Interesting Facts From the Past

When Albert Einstein died, his final words died with him. The nurse at his side didn't understand German.

St Patrick, the patron saint of Ireland, was not Irish.

Many sailors used to wear gold earrings so that they could afford a proper burial when they died.

A South African monkey was once awarded a medal and promoted to the rank of corporal during World War I.

The Toltecs, Seventh-century native Mexicans, went into battle with wooden swords so as not to kill their enemies.

Before it was stopped by the British, it was the not uncommon for women in some areas of India to choose to be burnt alive on their husband's funeral pyre.

An American aircraft in Vietnam shot itself down with one of its own missiles.

The Anglo-Saxons believed Friday to be such an unlucky day that they ritually slaughtered any child unfortunate enough to be born on that day.

The Nobel Prize resulted form a late change in the will of Alfred Nobel, who did not want to be remembered after his death as a propagator of violence - he invented dynamite.

Pogonophobia is the fear of beards.

In 1647 the English Parliament abolished Christmas.

Mao Rse-Tang, the first chairman of the Chinese Communist Party, was born 26 December 1893. Before his rise to power, he occupied the humble position of Assistant Librarian at the University of Peking.

In Ancient Peru, when a woman found an 'ugly' potato, it was the custom for her to push it into the face of the nearest man.

During World War One, the future Pope John XXIII was a sergeant in the Italian Army.

The magic word "Abracadabra" was originally intended for the specific purpose of curing hay fever.

Albert Einstein was once offered the Presidency of Israel. He declined saying he had no head for problems.

Only 1 child in 20 are born on the day predicted by the doctor.

In the 1970's, the Rhode Island Legislature in the US entertained a proposal that there be a $2 tax on every act of sexual intercourse in the State.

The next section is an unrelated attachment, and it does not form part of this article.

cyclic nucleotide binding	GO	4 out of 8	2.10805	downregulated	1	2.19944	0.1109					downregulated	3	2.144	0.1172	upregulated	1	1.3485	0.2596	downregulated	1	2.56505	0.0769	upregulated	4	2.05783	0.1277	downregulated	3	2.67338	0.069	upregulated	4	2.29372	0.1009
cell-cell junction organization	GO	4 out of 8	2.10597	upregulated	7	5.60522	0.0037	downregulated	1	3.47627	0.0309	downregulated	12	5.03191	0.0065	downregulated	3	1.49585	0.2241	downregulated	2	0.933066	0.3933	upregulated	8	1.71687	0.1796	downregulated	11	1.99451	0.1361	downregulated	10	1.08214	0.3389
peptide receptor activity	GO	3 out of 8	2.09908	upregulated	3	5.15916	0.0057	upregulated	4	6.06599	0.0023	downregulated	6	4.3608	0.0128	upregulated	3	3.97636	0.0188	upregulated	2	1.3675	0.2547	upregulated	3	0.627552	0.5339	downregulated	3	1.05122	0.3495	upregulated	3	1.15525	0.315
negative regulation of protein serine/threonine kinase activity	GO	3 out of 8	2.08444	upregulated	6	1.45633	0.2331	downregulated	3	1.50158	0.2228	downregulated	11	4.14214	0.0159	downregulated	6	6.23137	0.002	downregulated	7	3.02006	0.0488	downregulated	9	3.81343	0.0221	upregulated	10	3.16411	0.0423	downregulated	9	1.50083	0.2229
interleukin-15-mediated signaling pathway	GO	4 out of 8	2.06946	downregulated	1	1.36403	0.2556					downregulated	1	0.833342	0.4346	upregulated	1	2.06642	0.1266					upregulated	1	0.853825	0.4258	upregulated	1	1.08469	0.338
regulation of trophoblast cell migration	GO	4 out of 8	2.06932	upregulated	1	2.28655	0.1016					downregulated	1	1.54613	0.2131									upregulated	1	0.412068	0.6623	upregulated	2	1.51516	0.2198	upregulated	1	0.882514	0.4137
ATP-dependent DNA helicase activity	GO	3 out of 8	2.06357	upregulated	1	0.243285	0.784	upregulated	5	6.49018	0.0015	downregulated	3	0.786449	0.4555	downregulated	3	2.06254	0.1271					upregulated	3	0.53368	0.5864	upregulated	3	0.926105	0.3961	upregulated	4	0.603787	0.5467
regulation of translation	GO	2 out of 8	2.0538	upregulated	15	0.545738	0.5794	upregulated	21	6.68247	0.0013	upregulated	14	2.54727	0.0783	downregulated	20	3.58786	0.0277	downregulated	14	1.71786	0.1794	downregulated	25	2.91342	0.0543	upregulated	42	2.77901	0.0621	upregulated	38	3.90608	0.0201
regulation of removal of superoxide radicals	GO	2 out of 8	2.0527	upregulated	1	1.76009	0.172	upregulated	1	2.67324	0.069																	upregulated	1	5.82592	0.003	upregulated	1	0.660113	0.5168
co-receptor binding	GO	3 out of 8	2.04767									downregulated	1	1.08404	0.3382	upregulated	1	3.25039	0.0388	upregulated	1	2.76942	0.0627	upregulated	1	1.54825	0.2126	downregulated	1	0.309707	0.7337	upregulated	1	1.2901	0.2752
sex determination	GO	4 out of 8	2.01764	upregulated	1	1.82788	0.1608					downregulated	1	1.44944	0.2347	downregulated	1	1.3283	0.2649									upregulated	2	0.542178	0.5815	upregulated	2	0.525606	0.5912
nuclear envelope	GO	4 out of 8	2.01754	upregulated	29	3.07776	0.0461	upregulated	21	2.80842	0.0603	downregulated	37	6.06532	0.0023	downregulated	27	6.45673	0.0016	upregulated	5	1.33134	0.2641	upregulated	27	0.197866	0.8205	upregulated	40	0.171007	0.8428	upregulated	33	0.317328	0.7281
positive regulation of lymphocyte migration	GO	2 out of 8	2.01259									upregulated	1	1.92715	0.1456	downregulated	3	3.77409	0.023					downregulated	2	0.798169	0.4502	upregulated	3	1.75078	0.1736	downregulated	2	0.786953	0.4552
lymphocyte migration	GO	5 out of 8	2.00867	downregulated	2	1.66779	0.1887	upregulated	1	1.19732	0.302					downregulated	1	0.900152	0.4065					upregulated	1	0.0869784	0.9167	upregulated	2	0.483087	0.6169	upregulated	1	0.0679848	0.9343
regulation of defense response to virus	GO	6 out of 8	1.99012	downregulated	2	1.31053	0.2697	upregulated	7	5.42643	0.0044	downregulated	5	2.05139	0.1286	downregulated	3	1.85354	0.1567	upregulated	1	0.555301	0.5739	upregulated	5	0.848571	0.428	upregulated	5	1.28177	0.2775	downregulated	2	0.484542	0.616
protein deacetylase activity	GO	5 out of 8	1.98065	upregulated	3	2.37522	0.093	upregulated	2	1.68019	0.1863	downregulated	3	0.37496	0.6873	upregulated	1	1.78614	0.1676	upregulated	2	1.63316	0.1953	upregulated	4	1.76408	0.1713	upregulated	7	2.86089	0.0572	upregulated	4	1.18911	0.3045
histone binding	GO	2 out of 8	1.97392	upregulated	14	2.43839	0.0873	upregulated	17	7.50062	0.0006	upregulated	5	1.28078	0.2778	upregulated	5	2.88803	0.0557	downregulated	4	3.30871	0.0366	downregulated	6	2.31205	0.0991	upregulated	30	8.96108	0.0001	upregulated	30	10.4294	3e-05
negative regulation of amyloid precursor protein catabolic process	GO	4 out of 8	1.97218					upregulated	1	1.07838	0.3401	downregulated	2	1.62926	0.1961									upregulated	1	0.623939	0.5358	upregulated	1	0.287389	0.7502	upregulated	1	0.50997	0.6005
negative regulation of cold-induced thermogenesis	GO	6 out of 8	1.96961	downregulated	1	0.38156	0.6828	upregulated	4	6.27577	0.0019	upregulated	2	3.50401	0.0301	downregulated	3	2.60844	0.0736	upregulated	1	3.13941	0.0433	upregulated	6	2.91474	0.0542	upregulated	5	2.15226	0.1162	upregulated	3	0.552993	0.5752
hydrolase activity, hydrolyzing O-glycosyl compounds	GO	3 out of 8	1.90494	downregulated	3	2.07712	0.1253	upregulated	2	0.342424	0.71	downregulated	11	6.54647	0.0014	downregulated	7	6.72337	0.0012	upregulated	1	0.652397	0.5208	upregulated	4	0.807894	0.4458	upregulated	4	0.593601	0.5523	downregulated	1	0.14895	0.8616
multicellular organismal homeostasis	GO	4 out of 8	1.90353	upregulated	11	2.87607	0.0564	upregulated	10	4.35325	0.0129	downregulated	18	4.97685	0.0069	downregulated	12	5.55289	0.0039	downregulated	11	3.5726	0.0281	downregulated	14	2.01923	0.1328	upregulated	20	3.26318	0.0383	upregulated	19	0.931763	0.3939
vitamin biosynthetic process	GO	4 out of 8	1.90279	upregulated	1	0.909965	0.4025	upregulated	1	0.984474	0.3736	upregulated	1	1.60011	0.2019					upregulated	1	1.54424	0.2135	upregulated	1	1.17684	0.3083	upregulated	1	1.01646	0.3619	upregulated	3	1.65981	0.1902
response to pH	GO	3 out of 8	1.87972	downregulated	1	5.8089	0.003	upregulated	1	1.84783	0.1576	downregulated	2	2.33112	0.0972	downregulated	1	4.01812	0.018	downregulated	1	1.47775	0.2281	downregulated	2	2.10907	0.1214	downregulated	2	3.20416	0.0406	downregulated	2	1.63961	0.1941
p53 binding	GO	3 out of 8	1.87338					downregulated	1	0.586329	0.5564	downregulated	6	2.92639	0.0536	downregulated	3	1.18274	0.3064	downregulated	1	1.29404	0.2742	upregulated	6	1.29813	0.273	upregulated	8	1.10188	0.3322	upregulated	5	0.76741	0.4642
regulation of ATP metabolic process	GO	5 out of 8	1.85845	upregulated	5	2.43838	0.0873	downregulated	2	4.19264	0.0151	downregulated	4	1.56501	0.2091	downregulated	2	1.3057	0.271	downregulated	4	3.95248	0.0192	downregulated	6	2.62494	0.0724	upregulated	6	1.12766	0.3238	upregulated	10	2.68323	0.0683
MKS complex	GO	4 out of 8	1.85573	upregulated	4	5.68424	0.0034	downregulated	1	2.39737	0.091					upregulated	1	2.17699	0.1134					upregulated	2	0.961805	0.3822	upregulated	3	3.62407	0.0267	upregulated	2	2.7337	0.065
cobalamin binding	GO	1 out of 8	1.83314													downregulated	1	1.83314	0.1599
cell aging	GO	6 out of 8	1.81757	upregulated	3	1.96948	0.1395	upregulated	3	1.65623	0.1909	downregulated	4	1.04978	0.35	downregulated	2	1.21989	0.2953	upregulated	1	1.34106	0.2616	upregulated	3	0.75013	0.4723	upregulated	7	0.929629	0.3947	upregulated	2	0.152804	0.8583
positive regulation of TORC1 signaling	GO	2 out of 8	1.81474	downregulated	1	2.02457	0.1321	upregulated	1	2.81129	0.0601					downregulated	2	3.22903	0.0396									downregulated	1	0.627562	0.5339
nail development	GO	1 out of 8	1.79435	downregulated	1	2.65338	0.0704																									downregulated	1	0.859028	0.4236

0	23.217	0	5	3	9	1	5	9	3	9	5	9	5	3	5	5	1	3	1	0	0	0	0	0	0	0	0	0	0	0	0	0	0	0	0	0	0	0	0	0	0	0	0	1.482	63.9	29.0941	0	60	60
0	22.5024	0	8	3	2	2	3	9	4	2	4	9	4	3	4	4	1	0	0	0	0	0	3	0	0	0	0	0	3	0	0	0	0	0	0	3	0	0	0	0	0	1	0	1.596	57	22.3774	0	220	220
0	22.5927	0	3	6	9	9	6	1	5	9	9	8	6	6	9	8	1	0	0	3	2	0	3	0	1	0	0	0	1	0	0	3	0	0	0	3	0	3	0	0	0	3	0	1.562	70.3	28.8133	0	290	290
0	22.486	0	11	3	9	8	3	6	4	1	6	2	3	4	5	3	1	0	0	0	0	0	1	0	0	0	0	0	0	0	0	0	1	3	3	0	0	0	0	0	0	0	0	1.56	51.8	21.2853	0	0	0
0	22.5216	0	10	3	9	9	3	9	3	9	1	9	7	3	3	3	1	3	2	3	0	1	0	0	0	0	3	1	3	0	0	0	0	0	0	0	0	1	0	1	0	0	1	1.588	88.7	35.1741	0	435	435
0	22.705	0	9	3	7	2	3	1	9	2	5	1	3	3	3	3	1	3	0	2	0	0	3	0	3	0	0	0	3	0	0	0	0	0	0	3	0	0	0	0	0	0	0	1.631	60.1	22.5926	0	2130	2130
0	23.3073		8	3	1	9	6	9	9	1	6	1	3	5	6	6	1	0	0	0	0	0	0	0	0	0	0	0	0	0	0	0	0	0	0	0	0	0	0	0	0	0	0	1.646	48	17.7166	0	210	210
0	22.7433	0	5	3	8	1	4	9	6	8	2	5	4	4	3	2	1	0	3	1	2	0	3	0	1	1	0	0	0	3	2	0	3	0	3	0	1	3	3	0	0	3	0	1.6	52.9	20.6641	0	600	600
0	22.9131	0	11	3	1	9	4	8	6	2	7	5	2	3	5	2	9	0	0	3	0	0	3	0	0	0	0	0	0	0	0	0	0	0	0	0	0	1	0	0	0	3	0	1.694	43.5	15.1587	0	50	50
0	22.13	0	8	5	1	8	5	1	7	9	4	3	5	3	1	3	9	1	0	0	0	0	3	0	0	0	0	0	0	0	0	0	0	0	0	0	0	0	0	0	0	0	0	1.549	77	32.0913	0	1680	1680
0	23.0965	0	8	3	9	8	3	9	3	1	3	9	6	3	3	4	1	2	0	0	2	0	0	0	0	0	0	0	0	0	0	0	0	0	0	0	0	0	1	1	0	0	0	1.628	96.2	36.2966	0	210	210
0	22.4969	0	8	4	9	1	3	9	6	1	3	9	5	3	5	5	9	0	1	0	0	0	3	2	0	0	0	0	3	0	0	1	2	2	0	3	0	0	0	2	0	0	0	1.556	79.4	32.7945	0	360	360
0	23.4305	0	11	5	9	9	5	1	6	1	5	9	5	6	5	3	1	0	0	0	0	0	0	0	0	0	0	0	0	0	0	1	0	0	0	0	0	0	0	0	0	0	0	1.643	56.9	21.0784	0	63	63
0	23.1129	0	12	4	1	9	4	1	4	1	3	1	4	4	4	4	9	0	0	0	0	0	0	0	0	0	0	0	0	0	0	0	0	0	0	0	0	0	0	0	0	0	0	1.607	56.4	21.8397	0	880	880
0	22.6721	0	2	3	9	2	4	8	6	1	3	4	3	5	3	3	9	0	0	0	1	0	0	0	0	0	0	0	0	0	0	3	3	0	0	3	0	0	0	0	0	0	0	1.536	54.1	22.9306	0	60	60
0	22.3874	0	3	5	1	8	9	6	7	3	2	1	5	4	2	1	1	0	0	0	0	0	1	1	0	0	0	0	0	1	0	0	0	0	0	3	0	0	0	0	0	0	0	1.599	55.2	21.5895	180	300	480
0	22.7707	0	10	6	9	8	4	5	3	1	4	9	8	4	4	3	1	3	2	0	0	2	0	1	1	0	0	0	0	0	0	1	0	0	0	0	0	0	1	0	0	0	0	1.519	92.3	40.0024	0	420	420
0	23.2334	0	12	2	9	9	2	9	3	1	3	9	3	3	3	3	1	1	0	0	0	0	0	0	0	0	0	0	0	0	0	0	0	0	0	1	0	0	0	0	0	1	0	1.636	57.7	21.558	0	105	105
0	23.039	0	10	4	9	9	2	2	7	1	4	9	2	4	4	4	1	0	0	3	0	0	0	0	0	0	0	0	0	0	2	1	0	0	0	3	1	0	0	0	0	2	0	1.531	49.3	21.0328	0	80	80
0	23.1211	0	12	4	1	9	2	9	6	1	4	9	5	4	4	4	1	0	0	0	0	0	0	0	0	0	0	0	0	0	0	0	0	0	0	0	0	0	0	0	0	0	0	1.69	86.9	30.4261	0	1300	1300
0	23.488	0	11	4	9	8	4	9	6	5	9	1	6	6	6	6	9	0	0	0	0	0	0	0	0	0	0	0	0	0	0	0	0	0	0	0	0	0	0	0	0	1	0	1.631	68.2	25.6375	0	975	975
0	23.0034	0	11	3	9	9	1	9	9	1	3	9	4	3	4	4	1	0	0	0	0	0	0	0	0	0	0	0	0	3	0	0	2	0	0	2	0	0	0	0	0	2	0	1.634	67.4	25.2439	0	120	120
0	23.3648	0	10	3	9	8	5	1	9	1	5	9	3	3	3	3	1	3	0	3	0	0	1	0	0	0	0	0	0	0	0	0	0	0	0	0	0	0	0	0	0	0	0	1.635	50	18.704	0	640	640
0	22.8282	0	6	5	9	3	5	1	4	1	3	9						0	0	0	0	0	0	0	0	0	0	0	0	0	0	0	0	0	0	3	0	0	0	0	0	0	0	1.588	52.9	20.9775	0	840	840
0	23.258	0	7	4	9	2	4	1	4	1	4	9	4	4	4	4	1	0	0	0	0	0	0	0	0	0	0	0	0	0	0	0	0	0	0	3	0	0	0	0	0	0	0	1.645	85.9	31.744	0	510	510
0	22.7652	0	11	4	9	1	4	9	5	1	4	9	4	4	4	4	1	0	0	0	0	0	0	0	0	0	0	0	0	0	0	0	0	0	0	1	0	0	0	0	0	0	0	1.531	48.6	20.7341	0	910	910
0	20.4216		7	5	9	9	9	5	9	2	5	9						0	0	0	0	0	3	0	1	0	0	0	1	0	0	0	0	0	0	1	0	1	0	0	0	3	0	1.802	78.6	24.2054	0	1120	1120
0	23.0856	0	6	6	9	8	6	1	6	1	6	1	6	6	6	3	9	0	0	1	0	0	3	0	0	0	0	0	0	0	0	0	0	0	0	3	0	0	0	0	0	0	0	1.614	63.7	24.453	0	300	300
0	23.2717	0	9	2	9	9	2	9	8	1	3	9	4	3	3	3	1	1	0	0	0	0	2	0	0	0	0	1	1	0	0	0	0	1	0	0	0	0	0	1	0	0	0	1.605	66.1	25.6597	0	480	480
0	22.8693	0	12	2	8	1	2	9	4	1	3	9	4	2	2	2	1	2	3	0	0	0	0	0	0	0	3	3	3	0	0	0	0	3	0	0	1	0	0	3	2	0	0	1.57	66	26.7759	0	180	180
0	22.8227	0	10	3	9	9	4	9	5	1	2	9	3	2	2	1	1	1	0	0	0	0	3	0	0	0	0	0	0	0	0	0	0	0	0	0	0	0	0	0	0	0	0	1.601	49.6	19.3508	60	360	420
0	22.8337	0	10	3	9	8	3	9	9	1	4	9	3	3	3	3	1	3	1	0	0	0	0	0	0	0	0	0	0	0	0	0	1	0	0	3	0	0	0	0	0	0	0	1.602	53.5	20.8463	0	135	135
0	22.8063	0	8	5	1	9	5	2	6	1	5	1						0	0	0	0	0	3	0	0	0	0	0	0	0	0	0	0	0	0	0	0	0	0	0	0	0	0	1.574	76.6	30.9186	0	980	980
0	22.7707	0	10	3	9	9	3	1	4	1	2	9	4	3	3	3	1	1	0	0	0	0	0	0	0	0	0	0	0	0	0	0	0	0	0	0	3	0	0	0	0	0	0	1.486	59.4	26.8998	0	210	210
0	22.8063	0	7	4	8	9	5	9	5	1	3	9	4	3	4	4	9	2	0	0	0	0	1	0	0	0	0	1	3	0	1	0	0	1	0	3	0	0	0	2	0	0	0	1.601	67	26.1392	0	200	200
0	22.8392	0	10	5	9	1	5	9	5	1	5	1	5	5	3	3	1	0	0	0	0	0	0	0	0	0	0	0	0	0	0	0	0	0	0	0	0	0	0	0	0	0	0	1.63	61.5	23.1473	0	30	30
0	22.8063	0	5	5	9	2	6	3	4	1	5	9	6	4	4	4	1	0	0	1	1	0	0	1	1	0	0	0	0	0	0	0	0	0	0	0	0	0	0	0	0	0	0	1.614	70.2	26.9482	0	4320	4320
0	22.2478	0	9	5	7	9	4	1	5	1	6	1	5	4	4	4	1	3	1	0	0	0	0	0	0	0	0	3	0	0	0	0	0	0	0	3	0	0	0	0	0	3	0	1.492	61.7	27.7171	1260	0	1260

The 'Hundred Years War' lasted 116 years.

Native American Indians used to name their children after the first thing they saw as they left their tepees subsequent to the birth. Hence such strange names as Sitting Bull and Running Water.

Queen Elizabeth I passed a law which forced everyone except for the rich to wear a flat cap on Sundays.

Julius Caesar wore a laurel wreath to cover the onset of baldness.

At the age of 12, Martin Luther King became so depressed he tried committing suicide twice, by jumping out of his bedroom window.

It is illegal to be a prostitute in Siena, Italy, if your name is Mary.

Upon the death of F.D. Roosevelt, Harry S Truman became the President of America on 12 April 1945. The initial S in the middle of his name doesn't in fact mean anything. Both his grandfathers had names beginning with 'S', and so Truman's mother didn't want to disappoint either of them.

One of Queen Victoria's wedding gifts was a 3 metre diameter, half tonne cheese.

Peter the Great had the head of his wife's lover cut off and put into a jar of preserving alcohol, which he then ordered to be placed by her bed.

On 15 April 1912 the SS Titanic sunk on her maiden voyage and over 1,500 people died. Fourteen years earlier a novel was published by Morgan Robertson which seemed to foretell the disaster. The book described a ship the same size as the Titanic which crashes into an iceberg on its maiden voyage on a misty April night. The name of Robertson's fictional ship was the Titan.